By Hannah Shah
Recently, I went to the supermarket with a Muslim friend and her 6-year-old daughter. We were in an area of England where there were many women who wear the same style of black burqa. My friend went to the next aisle leaving me with her daughter who then wanted to find mummy. As she looked round and saw the other women wearing the same black burqas she could not identify her mummy at all and started to cry. After this, my friend decided she would wear a distinctive pair of sandals so her daughter would not lose her again. It’s not always practical or helpful to wear the burqa in public places but, like my friend, many Muslim women wear it believing they are observing what the Qur’an teaches.
In Europe, Belgium and France assume its OK for the government to say we believe in freedom, but then advocate that the laws should say what Muslim women can and can’t wear. French President Nicolas Sarkozy said the veil made women “prisoners behind netting.” There seems to be a lack of understanding of Muslim women and their reasons for wearing the burqa. What about the human rights of Muslim women? In banning the burqa will we become the oppressor rather than fighting against oppression? If we are concerned for Muslim women as Mr. Sarkozy professes to be, should we not concentrate on empowering them and giving them a voice rather than spending time making laws that threaten their freedom to choose?”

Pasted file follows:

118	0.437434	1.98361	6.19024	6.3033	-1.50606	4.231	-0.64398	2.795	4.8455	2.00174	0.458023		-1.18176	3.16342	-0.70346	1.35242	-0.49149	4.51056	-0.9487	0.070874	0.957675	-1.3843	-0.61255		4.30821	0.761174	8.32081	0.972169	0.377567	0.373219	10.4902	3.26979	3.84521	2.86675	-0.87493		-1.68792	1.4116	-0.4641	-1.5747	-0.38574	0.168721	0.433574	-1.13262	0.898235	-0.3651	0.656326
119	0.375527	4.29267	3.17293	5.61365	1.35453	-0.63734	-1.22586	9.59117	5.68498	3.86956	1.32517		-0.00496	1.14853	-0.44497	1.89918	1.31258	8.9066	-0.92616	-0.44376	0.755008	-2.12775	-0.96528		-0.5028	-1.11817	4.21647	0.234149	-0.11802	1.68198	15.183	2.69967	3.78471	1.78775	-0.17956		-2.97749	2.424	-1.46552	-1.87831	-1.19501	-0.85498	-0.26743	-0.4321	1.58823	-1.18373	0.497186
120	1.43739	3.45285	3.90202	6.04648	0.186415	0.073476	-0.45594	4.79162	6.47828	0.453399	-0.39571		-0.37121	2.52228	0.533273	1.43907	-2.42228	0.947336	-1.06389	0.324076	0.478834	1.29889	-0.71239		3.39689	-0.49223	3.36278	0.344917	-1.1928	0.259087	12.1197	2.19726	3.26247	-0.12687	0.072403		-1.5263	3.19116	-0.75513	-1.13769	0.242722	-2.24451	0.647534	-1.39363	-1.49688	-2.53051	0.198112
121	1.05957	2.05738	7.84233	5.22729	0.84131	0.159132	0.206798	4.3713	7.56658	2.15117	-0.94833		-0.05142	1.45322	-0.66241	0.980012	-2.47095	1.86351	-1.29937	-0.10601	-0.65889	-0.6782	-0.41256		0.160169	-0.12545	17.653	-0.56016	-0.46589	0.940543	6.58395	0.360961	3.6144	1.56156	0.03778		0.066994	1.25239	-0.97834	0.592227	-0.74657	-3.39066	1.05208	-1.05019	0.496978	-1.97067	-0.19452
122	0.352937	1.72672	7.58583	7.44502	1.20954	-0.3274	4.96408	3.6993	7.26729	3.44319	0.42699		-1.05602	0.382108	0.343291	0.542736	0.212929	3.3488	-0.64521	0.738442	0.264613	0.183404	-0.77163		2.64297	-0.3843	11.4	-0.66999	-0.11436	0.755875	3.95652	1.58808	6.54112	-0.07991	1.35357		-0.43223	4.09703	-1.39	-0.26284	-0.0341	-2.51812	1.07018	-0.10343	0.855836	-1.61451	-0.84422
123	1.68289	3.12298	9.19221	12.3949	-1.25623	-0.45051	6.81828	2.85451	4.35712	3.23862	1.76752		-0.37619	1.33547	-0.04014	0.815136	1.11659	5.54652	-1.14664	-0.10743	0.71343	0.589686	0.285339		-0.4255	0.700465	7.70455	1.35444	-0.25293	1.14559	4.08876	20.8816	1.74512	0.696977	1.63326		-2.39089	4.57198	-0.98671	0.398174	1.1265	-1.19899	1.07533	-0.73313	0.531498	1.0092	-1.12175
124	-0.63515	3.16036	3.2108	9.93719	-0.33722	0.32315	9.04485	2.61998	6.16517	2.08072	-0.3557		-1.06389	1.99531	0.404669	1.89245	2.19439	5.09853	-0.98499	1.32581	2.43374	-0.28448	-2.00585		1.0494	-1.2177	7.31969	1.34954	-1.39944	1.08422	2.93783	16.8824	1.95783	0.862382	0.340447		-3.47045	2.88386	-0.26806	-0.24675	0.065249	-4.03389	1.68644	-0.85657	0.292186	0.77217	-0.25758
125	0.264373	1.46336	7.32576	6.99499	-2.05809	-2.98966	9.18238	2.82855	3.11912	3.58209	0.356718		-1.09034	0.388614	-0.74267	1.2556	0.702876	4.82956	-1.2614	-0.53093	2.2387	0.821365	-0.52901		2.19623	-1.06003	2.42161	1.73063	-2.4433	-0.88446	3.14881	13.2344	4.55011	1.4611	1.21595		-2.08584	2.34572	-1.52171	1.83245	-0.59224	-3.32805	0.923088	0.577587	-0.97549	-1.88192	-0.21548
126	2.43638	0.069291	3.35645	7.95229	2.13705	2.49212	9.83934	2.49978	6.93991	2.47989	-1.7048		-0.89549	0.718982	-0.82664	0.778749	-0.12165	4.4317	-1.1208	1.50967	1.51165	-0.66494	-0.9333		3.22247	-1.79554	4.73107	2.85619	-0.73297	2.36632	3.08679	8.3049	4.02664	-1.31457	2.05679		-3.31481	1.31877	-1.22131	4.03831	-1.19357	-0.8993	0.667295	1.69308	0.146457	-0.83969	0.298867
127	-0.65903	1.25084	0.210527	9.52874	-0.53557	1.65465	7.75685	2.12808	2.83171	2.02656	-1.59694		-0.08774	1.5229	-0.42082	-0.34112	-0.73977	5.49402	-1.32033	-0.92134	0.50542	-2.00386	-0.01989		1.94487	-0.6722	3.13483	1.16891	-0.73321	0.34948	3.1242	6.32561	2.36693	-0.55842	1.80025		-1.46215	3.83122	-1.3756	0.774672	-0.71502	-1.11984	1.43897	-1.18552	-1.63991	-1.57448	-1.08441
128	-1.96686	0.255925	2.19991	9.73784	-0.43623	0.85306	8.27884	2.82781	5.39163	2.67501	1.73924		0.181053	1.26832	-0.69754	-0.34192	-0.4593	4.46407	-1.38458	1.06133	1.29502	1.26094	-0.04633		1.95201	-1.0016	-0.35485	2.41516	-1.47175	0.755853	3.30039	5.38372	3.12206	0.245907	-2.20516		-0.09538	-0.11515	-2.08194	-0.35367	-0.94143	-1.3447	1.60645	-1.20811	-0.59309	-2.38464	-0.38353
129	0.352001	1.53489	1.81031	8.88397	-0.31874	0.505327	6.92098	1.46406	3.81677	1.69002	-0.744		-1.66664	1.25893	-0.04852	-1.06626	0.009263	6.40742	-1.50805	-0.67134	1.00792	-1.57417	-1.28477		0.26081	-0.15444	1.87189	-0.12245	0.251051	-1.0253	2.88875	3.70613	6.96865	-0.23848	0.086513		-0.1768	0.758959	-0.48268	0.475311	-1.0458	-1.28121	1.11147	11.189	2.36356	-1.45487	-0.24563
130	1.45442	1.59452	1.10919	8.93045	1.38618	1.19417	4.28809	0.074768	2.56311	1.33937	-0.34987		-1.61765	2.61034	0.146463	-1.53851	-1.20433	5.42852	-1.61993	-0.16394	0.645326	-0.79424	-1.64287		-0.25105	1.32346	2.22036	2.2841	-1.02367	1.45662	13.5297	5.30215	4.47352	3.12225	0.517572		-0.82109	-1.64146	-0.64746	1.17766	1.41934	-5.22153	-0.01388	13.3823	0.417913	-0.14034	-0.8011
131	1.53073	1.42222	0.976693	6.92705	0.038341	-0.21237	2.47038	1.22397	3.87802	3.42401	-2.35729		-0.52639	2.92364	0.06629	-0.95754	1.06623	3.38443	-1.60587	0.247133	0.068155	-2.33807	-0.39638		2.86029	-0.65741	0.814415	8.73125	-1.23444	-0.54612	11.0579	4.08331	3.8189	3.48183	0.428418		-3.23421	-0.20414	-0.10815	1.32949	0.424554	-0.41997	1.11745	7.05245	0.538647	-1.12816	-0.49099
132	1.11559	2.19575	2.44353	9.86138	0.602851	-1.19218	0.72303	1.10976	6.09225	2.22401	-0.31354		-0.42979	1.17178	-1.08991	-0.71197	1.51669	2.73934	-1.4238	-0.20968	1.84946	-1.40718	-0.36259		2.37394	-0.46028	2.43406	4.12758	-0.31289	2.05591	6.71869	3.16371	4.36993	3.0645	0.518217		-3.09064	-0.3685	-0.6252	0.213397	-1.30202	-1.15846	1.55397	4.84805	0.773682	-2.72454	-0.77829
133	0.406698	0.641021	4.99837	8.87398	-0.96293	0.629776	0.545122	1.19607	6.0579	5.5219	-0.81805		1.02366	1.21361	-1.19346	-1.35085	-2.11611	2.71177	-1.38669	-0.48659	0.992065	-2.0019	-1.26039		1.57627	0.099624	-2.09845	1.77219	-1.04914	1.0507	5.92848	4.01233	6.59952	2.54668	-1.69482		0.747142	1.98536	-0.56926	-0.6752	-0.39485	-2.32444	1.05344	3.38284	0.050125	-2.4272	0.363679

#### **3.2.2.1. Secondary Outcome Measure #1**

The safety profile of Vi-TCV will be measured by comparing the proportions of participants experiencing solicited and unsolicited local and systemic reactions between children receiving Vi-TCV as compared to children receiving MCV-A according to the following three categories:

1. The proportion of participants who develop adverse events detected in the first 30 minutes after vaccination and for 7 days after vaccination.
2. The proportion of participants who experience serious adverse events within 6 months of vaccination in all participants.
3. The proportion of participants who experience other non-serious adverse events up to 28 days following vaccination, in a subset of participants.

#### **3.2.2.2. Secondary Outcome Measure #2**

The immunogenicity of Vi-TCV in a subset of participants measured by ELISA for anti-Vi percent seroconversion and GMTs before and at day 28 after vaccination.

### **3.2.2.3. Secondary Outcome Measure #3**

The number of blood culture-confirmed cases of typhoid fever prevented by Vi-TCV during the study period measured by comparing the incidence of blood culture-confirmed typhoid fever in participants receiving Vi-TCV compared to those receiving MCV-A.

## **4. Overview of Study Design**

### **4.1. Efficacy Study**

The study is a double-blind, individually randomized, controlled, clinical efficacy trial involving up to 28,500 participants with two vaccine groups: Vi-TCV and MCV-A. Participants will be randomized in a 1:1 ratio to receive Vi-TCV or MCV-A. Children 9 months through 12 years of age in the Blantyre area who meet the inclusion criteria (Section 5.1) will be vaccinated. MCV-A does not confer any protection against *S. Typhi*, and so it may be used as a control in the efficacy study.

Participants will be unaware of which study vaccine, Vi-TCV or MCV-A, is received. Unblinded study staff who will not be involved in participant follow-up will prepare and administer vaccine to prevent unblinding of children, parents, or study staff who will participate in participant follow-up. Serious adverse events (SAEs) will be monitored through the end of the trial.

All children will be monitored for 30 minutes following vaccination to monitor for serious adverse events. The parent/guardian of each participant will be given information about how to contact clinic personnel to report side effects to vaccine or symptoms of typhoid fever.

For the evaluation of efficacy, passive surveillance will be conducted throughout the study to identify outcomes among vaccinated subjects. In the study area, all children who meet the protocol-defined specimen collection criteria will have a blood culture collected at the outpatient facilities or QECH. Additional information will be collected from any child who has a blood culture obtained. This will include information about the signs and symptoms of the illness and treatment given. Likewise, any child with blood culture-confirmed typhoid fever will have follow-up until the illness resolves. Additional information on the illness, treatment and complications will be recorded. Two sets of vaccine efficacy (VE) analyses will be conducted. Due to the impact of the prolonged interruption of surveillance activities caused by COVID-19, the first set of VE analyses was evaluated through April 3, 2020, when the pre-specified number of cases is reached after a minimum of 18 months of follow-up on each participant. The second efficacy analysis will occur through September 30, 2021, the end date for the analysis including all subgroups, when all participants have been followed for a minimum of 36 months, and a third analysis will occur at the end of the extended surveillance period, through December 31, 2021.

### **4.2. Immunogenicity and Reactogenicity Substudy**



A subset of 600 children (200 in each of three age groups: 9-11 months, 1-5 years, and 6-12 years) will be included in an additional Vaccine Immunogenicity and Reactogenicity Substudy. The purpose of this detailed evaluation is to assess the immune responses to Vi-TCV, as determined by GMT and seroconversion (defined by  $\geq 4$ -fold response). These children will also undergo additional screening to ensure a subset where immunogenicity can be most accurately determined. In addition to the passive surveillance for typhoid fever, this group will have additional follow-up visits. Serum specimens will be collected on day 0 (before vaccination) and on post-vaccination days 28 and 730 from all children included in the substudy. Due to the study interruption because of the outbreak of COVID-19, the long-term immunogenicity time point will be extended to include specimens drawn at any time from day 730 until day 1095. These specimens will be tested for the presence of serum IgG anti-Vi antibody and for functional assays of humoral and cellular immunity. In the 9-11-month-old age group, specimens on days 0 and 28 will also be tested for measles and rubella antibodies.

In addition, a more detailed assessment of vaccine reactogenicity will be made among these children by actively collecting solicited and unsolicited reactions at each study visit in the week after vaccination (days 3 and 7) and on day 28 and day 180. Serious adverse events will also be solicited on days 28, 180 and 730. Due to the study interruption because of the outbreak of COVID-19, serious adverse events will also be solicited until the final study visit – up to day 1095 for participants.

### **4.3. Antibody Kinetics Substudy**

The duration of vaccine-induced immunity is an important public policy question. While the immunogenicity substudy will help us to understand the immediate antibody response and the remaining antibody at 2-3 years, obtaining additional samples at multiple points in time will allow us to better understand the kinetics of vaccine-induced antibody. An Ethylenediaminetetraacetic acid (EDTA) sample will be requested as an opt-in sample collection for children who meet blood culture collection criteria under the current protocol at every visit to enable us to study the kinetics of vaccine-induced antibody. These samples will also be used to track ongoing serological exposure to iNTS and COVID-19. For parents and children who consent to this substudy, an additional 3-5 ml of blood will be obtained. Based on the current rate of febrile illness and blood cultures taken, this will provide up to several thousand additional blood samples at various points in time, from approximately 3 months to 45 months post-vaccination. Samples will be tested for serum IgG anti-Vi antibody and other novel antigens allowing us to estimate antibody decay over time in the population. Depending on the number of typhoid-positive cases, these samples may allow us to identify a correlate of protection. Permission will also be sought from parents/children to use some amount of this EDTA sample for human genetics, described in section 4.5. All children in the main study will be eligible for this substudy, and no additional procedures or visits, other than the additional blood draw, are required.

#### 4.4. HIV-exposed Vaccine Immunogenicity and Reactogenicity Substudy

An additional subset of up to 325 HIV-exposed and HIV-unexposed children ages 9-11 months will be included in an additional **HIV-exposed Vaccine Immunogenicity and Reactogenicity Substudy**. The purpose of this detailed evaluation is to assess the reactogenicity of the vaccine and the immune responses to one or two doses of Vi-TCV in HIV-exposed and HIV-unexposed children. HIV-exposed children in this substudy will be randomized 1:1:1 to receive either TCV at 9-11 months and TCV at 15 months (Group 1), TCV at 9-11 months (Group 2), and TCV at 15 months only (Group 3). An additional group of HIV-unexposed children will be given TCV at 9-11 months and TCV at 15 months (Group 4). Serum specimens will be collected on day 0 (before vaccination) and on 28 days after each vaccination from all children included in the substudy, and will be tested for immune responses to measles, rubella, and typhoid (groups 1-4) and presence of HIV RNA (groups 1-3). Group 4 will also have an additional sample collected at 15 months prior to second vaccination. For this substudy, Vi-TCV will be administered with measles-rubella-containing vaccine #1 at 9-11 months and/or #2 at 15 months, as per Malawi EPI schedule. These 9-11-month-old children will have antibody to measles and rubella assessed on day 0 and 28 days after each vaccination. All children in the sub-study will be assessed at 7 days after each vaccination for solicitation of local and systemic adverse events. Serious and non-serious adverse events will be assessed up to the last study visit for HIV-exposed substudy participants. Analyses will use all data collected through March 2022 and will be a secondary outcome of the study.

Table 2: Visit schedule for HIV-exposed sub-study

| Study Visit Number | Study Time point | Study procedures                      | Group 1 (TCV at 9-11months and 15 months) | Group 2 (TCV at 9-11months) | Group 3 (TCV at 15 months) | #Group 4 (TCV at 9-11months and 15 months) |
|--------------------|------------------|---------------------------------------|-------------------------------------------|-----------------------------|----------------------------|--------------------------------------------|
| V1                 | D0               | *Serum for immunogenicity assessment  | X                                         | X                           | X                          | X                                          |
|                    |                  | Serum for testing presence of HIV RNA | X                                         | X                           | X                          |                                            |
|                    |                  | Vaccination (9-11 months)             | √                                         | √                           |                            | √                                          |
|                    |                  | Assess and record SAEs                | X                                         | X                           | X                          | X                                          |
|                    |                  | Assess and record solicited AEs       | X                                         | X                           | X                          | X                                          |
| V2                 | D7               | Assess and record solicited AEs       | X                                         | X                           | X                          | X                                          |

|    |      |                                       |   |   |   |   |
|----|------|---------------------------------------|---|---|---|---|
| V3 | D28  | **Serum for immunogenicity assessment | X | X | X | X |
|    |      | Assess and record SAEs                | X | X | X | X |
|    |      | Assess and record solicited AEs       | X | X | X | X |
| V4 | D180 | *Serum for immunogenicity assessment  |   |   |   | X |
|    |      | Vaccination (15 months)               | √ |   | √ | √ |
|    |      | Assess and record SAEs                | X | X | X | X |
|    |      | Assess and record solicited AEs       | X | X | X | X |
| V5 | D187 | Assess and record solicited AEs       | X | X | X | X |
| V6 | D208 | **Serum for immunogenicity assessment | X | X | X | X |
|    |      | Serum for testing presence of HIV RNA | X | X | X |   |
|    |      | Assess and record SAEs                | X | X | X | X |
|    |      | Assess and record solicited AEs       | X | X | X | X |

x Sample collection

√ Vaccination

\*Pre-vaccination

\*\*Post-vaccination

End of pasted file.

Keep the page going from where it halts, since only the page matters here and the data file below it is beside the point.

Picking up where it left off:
Hannah Shah is the author of “The Imam’s Daughter: My Desperate Flight to Freedom.”